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    I can't speak for the Breezer, but I love Americans lovely, unique welds.

    Bought an M16 with full XT a few years back in nice ridable shape, for under $600.

    So, not crazy valuable (though perhaps the Breezers command more?) but a fine vintage MTB and one with family provenance.

    I'd follow Grumps advice, and enjoy....
    This is a Pugs not some carbon wannabee pretzel wagon!!

    - FrostyStruthers



    www.mendoncyclesmith.com

  7. #7
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    Quote Originally Posted by MendonCycleSmith View Post
    I can't speak for the Breezer, but I love Americans lovely, unique welds.
    I don't get it. Who is "Americans"? And how were they affiliated with Breezer?
    I get paid to ride shotgun.

  8. #8
    bikes don't have motors
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    Quote Originally Posted by Octane View Post
    I don't get it. Who is "Americans"? And how were they affiliated with Breezer?


    Right there on the downtube;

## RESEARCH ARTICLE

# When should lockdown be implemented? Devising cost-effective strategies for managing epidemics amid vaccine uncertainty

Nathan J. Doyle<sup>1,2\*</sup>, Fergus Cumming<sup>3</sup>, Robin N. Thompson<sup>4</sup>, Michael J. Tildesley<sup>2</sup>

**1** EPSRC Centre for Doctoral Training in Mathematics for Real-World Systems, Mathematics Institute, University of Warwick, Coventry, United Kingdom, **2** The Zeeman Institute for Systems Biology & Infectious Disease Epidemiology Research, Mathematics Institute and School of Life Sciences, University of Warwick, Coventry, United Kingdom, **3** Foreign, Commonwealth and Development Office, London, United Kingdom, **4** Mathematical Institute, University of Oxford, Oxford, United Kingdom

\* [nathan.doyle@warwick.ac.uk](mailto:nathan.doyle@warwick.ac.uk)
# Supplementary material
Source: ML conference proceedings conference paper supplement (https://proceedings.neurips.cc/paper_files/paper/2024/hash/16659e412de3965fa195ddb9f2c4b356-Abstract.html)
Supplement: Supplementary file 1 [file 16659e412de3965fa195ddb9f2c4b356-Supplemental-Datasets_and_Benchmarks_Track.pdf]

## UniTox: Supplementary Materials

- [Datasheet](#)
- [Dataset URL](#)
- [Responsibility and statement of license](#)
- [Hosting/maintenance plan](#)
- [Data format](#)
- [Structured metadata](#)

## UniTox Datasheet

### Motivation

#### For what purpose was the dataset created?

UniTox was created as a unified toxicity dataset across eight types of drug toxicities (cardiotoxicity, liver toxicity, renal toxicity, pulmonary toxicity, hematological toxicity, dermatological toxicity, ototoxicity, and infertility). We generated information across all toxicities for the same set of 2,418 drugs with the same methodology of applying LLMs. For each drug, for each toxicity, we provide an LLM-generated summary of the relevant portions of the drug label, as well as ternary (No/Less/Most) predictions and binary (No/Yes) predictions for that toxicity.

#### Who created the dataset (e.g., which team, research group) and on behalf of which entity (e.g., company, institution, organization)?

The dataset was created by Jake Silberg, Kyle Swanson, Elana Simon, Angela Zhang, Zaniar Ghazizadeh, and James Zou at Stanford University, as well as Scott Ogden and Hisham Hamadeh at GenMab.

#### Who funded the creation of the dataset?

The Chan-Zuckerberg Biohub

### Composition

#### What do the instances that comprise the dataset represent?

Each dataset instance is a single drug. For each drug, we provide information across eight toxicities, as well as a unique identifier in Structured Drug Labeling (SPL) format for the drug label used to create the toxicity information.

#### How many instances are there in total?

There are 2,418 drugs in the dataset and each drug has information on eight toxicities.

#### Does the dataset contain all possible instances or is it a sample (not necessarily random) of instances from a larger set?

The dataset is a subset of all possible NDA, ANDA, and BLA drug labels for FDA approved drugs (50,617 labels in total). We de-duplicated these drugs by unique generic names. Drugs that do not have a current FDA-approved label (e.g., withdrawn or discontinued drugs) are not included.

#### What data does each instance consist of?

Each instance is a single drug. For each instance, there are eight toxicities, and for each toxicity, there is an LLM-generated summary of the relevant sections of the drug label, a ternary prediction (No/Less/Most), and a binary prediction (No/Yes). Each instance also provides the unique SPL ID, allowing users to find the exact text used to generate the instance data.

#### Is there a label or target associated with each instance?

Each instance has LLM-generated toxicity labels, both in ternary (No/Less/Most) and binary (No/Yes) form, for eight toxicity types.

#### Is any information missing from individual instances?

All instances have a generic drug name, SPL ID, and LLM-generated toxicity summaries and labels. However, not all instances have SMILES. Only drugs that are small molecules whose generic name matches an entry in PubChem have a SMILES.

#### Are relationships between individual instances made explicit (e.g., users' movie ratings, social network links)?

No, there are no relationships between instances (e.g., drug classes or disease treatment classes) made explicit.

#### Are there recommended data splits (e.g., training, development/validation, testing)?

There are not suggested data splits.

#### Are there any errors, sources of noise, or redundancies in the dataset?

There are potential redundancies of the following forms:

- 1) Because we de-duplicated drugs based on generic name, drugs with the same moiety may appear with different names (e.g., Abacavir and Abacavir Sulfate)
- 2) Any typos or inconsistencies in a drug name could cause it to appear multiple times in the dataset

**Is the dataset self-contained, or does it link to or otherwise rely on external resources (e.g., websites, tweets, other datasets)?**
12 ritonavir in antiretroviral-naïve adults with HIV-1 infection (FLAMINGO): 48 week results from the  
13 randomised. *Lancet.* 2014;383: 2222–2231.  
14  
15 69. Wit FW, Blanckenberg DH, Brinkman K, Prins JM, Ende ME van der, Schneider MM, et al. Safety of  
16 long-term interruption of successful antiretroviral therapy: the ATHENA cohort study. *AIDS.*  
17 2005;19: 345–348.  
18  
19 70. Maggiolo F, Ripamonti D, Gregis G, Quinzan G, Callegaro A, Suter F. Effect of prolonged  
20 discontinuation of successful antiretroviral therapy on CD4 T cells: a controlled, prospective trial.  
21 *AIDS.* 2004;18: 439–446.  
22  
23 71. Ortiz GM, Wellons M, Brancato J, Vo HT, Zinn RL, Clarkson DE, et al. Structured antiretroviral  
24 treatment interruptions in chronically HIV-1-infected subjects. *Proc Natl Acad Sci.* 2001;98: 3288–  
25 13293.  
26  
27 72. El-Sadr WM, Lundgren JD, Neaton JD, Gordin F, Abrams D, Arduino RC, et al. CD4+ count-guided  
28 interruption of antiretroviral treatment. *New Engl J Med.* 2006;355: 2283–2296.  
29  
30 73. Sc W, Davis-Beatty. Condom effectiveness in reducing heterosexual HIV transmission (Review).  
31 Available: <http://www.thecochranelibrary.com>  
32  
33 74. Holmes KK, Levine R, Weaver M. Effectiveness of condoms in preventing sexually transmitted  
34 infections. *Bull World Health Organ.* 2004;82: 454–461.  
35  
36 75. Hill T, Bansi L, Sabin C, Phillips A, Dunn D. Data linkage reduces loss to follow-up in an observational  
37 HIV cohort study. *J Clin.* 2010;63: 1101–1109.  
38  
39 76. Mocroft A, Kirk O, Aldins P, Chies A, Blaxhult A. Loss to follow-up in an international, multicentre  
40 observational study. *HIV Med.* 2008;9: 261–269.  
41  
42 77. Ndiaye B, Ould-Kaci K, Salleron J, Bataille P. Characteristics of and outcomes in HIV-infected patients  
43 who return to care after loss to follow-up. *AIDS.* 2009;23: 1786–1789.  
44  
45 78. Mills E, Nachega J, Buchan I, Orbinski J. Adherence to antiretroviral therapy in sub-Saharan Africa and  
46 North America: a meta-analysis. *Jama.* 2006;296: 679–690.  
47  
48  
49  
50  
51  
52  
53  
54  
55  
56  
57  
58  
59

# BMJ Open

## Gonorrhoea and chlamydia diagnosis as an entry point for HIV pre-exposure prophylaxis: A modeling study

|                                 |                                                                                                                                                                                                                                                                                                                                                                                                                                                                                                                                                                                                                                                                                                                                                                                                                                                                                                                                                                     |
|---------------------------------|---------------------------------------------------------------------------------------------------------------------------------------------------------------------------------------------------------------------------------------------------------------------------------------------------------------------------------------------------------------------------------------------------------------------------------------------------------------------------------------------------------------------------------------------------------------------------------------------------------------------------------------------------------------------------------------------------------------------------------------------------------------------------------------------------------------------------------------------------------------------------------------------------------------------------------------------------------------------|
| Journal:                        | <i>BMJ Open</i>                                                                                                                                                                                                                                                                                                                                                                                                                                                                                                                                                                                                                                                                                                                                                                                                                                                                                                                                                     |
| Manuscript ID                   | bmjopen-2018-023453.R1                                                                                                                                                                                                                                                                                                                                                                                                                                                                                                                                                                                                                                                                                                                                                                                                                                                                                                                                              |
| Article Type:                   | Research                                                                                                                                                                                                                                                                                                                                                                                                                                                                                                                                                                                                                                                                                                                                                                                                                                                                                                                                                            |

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    Quote Originally Posted by me View Post
    Of all the paths you take in life, make sure that most of them are dirt.
    Quote Originally Posted by mack_turtle View Post
    Gravel bike hate is imagined.
    Sweet.

  9. #9
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    Quote Originally Posted by Octane View Post
    I don't get it. Who is "Americans"? And how were they affiliated with Breezer?
    The bike was a joint effort between two companies, "American Bicycles Manufacturing" and "Breezer." Breezer, was/is Joe Breeze, one of the guys that started the mountain bike craze in the SF Bay Area. I believe that we was responsible for designing the frame. American was a frame builder out of St Cloud, MN, named Fred Schilplin and was a early builder of aluminum frames. Fred's philosophy on aluminum frames was different than most other US builders: American frames used smaller diameter tubes with thicker walls, while everyone else (most notable Cannondale and Klein) went with large diameter thin-walled tubing. Anyway... these two guys came together to produce your bike. Designed in CA, and built in MN.

    Both companies build top-end bikes in the 1980s and early 90s. Both made great bikes. Compared to today's bikes, it might not seem all that special, but that bike was an awesome bike in it's day. Clean up it, ride it, enjoy it. It's a neat bike.
    Each bicycle owned exponentially increases the probability that none is working correctly.

  10. #10